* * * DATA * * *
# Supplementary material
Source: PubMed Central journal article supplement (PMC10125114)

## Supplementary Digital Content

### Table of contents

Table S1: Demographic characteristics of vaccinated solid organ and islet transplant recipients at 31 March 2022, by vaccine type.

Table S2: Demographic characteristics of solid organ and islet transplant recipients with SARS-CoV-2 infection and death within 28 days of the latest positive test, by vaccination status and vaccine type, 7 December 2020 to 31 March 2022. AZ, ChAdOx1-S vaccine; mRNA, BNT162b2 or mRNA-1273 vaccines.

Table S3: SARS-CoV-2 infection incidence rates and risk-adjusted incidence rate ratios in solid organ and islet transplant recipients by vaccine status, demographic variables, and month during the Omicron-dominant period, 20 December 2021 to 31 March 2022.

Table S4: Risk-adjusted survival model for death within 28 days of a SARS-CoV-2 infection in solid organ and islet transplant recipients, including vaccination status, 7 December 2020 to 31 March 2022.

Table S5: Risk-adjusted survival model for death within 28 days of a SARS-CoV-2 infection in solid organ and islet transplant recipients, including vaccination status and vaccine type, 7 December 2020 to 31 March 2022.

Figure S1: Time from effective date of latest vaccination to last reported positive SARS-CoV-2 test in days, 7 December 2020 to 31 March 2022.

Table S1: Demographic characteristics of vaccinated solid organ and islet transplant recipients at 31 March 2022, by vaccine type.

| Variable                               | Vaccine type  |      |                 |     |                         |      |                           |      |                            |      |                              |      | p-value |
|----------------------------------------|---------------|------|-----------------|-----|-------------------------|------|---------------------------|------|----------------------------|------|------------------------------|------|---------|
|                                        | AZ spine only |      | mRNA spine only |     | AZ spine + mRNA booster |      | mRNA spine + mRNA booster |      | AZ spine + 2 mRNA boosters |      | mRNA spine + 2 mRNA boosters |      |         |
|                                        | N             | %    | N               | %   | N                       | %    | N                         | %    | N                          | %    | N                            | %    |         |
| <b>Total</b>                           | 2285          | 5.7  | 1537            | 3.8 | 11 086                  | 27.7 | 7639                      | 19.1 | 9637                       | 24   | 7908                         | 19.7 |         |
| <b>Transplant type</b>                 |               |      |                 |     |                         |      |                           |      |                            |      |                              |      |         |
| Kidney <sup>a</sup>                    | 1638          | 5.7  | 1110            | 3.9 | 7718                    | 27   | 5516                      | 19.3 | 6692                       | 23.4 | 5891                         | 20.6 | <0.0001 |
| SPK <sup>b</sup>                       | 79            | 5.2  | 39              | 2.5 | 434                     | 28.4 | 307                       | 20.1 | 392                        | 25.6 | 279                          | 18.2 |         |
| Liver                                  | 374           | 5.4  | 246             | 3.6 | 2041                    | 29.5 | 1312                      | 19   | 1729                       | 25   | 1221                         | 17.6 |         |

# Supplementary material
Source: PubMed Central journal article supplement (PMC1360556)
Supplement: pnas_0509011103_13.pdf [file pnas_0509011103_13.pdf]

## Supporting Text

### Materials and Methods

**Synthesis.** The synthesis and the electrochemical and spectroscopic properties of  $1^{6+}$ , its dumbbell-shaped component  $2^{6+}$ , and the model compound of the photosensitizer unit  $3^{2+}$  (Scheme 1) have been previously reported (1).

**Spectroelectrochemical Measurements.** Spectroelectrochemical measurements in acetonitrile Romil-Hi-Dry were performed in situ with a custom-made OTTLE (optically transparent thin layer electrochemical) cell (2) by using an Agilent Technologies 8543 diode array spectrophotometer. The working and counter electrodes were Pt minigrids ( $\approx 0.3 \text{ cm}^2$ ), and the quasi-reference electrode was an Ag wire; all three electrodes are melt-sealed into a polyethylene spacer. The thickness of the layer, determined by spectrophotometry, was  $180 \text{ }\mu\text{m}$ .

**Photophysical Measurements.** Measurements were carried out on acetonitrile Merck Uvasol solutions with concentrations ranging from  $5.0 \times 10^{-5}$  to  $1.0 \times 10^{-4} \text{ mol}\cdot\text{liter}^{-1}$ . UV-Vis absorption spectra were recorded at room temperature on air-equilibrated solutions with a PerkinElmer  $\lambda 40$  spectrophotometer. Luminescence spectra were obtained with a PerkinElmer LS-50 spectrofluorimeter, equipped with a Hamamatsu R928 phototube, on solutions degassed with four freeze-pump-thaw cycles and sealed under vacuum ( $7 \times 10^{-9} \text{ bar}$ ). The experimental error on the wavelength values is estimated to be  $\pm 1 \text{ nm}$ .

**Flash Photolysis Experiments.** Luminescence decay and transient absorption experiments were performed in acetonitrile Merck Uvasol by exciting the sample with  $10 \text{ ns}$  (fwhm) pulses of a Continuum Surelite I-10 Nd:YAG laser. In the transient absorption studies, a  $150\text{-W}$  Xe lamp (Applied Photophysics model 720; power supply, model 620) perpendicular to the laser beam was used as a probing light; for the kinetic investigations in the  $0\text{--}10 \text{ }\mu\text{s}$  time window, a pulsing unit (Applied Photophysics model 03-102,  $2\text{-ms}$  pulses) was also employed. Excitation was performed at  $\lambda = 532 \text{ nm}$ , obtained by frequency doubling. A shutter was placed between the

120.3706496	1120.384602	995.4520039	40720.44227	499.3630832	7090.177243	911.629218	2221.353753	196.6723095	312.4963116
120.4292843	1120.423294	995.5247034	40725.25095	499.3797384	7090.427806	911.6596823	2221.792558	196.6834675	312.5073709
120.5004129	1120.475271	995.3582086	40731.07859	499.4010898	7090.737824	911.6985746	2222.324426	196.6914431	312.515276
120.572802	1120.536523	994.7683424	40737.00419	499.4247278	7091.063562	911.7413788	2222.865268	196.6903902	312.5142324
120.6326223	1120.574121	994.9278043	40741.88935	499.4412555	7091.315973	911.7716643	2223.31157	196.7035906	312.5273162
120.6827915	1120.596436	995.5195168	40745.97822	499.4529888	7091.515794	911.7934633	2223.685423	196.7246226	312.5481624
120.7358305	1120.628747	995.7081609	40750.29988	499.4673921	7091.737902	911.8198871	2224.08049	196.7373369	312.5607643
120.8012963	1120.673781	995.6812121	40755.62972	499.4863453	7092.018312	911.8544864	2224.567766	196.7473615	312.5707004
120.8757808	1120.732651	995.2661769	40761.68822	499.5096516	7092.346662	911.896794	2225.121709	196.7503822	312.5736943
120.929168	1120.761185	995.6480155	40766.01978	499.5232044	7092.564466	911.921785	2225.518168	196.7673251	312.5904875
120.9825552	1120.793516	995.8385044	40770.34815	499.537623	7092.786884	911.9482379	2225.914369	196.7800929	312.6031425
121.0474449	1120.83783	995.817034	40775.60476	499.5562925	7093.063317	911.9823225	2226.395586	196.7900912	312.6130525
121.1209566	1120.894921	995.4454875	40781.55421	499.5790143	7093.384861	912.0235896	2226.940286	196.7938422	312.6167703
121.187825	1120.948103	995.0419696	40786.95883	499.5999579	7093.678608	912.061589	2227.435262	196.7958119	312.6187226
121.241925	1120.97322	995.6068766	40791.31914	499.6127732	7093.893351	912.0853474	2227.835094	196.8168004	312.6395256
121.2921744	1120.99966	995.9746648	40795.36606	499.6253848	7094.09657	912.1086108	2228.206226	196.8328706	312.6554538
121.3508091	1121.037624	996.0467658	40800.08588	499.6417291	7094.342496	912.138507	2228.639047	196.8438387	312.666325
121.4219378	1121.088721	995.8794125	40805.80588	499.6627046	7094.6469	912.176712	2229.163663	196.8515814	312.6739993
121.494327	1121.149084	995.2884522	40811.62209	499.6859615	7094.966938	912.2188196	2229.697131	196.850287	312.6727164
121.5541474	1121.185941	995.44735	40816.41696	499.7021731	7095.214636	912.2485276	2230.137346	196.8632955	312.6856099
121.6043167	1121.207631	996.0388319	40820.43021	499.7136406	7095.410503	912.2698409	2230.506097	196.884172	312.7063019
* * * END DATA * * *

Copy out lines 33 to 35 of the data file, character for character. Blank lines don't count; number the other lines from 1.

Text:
120.572802	1120.536523	994.7683424	40737.00419	499.4247278	7091.063562	911.7413788	2222.865268	196.6903902	312.5142324
120.6326223	1120.574121	994.9278043	40741.88935	499.4412555	7091.315973	911.7716643	2223.31157	196.7035906	312.5273162
120.6827915	1120.596436	995.5195168	40745.97822	499.4529888	7091.515794	911.7934633	2223.685423	196.7246226	312.5481624